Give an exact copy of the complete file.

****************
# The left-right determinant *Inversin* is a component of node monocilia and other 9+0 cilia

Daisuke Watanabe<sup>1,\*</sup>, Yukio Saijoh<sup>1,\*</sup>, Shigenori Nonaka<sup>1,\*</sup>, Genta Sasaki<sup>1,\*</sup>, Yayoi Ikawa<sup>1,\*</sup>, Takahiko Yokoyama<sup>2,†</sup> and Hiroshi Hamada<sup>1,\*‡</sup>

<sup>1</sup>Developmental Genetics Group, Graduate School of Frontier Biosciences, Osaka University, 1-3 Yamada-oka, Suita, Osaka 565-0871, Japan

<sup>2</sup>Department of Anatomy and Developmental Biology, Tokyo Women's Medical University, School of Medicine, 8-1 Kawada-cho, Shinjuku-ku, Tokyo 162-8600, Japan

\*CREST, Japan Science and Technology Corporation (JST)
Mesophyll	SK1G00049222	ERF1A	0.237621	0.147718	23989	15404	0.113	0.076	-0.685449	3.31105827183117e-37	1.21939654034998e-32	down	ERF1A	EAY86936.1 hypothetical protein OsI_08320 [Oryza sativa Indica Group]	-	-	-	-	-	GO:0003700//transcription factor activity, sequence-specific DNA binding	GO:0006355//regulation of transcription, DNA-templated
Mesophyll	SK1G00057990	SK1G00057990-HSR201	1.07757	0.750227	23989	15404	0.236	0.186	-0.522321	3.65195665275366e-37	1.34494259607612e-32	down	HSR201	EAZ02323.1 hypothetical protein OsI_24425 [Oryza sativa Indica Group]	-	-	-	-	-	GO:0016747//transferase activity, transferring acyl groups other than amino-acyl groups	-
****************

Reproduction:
# The left-right determinant *Inversin* is a component of node monocilia and other 9+0 cilia

Daisuke Watanabe<sup>1,\*</sup>, Yukio Saijoh<sup>1,\*</sup>, Shigenori Nonaka<sup>1,\*</sup>, Genta Sasaki<sup>1,\*</sup>, Yayoi Ikawa<sup>1,\*</sup>, Takahiko Yokoyama<sup>2,†</sup> and Hiroshi Hamada<sup>1,\*‡</sup>

<sup>1</sup>Developmental Genetics Group, Graduate School of Frontier Biosciences, Osaka University, 1-3 Yamada-oka, Suita, Osaka 565-0871, Japan

<sup>2</sup>Department of Anatomy and Developmental Biology, Tokyo Women's Medical University, School of Medicine, 8-1 Kawada-cho, Shinjuku-ku, Tokyo 162-8600, Japan

\*CREST, Japan Science and Technology Corporation (JST)
Mesophyll	SK1G00049222	ERF1A	0.237621	0.147718	23989	15404	0.113	0.076	-0.685449	3.31105827183117e-37	1.21939654034998e-32	down	ERF1A	EAY86936.1 hypothetical protein OsI_08320 [Oryza sativa Indica Group]	-	-	-	-	-	GO:0003700//transcription factor activity, sequence-specific DNA binding	GO:0006355//regulation of transcription, DNA-templated
Mesophyll	SK1G00057990	SK1G00057990-HSR201	1.07757	0.750227	23989	15404	0.236	0.186	-0.522321	3.65195665275366e-37	1.34494259607612e-32	down	HSR201	EAZ02323.1 hypothetical protein OsI_24425 [Oryza sativa Indica Group]	-	-	-	-	-	GO:0016747//transferase activity, transferring acyl groups other than amino-acyl groups	-